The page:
"Look and despair," says The Economist. "A decade ago, Thailand was a shining example rare proof that in southeast Asia, a vibrant democracy could go hand-in-hand with a thriving economy."
Now it's in "disarray" after a court ruled that the prime minister, Yingluck Shinawatra, and nine cabinet ministers, must step down over accusations of nepotism in the appointment of the country's top security official in 2011.
The background to the case is long and tangled. Briefly, Thailand is locked in a protracted struggle between a populist elected government, and an elite of businessmen, the army, the judiciary and the royal family.
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This has been going on ever since Yingluck's brother Thaksin came to power in 2001 on a political platform that reached out to the rural majority, previously largely ignored by Thailand's rulers (Thaksin is now in exile after being deposed in a coup in 2006, but clearly pulls the strings from his base in Dubai).
Neither side emerges spotless from the battle. However, the extent to which the establishment has subverted the system in an attempt to oust the Thaksinites is probably the greater sin.
None of this is new for Thailand. Even before Thaksin came to power, the country was infamous for frequent coups. This has bred a certain level of acceptance of its ghastly politics: "In the past, international investors have given Thailand the benefit of the doubt, thanks to the economy's proven ability to bounce back," notes Pavida Pananond in the Nikkei Asian Review. But this time, the outcome could be different.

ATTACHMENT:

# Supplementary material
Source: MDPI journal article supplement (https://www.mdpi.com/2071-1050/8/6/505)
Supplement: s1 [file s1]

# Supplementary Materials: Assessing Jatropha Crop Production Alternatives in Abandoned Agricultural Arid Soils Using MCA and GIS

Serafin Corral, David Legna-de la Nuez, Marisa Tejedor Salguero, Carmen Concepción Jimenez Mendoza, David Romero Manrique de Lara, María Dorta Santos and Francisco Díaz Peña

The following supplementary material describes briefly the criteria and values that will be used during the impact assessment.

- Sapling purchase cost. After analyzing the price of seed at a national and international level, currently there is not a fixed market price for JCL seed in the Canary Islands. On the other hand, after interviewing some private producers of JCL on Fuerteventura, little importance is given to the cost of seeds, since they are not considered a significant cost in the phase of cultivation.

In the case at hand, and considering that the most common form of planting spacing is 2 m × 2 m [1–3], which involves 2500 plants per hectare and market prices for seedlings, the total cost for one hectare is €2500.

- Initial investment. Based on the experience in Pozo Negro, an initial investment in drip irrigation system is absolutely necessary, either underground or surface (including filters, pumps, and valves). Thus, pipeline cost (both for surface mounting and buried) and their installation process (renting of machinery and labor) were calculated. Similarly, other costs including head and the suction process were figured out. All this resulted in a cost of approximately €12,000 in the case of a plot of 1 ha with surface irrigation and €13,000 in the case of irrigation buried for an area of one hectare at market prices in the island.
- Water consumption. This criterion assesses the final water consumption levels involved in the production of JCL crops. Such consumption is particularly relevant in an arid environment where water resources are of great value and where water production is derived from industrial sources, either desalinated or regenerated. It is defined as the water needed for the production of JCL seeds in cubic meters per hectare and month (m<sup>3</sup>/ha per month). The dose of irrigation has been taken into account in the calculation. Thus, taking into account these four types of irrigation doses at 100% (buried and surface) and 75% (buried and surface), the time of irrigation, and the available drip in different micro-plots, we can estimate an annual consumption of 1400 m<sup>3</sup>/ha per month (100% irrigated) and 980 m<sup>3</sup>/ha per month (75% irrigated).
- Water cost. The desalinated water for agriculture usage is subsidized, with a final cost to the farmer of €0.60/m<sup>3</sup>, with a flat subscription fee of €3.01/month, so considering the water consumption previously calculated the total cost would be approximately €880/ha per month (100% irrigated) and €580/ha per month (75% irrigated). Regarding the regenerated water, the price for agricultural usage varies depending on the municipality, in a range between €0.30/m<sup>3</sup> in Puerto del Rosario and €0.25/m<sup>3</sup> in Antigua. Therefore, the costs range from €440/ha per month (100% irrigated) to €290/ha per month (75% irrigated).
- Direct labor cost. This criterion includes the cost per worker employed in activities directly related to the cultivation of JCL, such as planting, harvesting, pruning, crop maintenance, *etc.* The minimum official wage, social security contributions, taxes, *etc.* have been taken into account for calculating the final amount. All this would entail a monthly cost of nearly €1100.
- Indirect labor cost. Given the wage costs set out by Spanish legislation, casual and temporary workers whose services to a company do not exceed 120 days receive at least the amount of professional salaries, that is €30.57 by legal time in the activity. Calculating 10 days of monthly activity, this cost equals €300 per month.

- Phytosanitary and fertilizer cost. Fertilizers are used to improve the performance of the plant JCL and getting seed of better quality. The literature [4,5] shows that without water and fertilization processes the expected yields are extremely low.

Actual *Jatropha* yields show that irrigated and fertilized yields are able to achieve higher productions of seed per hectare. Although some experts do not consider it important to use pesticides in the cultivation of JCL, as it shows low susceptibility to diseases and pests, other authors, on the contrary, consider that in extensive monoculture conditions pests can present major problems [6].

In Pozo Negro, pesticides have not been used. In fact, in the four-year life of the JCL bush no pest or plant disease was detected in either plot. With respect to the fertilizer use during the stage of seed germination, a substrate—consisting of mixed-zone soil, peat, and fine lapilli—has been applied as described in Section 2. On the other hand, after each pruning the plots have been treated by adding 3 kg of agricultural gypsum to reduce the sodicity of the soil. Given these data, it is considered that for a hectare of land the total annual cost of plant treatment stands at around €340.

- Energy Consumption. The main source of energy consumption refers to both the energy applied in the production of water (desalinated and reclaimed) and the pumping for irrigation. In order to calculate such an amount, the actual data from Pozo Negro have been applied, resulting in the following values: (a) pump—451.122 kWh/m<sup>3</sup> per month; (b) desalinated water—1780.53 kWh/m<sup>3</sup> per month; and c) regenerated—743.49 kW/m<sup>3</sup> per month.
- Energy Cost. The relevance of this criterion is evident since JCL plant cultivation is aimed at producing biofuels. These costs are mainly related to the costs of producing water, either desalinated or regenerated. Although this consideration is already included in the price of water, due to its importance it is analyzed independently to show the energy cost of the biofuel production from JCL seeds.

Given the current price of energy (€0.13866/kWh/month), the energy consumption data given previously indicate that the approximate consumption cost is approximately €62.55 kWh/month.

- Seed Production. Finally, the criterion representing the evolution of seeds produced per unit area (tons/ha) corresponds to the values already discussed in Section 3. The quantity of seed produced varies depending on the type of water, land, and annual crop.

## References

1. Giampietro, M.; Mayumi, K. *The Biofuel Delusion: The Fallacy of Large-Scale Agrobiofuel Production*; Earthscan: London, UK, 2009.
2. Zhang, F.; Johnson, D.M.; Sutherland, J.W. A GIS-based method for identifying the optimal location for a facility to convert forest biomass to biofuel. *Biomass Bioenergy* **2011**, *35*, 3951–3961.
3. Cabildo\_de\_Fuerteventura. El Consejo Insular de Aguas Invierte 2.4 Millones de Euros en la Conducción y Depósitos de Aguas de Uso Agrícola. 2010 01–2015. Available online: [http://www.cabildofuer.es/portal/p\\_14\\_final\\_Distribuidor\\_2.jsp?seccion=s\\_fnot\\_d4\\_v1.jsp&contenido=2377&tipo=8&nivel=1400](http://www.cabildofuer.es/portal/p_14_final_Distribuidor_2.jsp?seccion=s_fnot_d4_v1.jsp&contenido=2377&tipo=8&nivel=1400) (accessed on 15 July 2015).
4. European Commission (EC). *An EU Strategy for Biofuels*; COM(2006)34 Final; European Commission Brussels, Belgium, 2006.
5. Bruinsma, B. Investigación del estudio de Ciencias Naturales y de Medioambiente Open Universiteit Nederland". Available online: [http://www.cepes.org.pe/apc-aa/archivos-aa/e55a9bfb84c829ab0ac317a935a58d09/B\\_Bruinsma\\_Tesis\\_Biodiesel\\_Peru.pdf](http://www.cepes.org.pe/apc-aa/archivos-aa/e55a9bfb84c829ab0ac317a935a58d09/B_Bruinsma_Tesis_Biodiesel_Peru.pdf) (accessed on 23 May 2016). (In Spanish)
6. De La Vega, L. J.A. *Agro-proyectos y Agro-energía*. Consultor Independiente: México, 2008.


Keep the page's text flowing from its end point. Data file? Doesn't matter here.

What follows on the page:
The Thai economy is unusually weak: economists expect it to grow at 2.8% this year, roughly half the rate of regional peers, says Michael Peel in the FT. It faces a growing need to improve productivity as rivals such as Vietnam compete for foreign investment.
That will be difficult with its politics now at a complete stalemate and the prospect of violence growing as "Thaksinite supporters threaten conflict on the streets", says The Economist.
Despite this, markets have barely moved: the MSCI Thailand index is still up 5% this year. In the past, it's paid to hope for the best whenever Thailand goes though this kind of upheaval but investors may be too sanguine this time.
Cris Sholto Heaton is an investment analyst and writer who has been contributing to MoneyWeek since 2006 and was managing editor of the magazine between 2016 and 2018. He is especially interested in international investing, believing many investors still focus too much on their home markets and that it pays to take advantage of all the opportunities the world offers. He often writes about Asian equities, international income and global asset allocation.
Cris began his career in financial services consultancy at PwC and Lane Clark & Peacock, before an abrupt change of direction into oil, gas and energy at Petroleum Economist and Platts and subsequently into investment research and writing. In addition to his articles for MoneyWeek, he also works with a number of asset managers, consultancies and financial information providers.
He holds the Chartered Financial Analyst designation and the Investment Management Certificate, as well as degrees in finance and mathematics. He has also studied acting, film-making and photography, and strongly suspects that an awareness of what makes a compelling story is just as important for understanding markets as any amount of qualifications.
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